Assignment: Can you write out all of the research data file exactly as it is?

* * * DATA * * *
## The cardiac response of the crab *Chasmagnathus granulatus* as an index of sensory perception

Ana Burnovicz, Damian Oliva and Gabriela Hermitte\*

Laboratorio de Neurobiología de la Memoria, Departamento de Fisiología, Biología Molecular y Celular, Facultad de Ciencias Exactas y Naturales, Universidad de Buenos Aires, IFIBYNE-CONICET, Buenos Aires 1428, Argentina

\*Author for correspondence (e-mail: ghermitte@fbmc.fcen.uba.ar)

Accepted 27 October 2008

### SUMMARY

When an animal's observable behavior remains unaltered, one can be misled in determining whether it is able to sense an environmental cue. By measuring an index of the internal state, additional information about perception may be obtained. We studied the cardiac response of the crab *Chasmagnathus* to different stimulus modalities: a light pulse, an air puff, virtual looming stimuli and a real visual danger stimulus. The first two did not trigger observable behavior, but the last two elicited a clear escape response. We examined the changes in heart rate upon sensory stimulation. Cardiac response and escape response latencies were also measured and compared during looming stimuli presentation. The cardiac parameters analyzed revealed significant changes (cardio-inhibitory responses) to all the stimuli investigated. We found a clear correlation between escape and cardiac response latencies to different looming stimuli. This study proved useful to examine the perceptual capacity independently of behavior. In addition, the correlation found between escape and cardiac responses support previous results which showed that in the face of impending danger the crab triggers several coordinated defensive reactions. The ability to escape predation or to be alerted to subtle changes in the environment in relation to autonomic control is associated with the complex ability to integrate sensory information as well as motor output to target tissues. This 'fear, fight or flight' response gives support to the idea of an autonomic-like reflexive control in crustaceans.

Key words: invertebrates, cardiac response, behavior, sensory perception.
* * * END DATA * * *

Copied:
## The cardiac response of the crab *Chasmagnathus granulatus* as an index of sensory perception

Ana Burnovicz, Damian Oliva and Gabriela Hermitte\*

Laboratorio de Neurobiología de la Memoria, Departamento de Fisiología, Biología Molecular y Celular, Facultad de Ciencias Exactas y Naturales, Universidad de Buenos Aires, IFIBYNE-CONICET, Buenos Aires 1428, Argentina

\*Author for correspondence (e-mail: ghermitte@fbmc.fcen.uba.ar)

Accepted 27 October 2008

### SUMMARY

When an animal's observable behavior remains unaltered, one can be misled in determining whether it is able to sense an environmental cue. By measuring an index of the internal state, additional information about perception may be obtained. We studied the cardiac response of the crab *Chasmagnathus* to different stimulus modalities: a light pulse, an air puff, virtual looming stimuli and a real visual danger stimulus. The first two did not trigger observable behavior, but the last two elicited a clear escape response. We examined the changes in heart rate upon sensory stimulation. Cardiac response and escape response latencies were also measured and compared during looming stimuli presentation. The cardiac parameters analyzed revealed significant changes (cardio-inhibitory responses) to all the stimuli investigated. We found a clear correlation between escape and cardiac response latencies to different looming stimuli. This study proved useful to examine the perceptual capacity independently of behavior. In addition, the correlation found between escape and cardiac responses support previous results which showed that in the face of impending danger the crab triggers several coordinated defensive reactions. The ability to escape predation or to be alerted to subtle changes in the environment in relation to autonomic control is associated with the complex ability to integrate sensory information as well as motor output to target tissues. This 'fear, fight or flight' response gives support to the idea of an autonomic-like reflexive control in crustaceans.

Key words: invertebrates, cardiac response, behavior, sensory perception.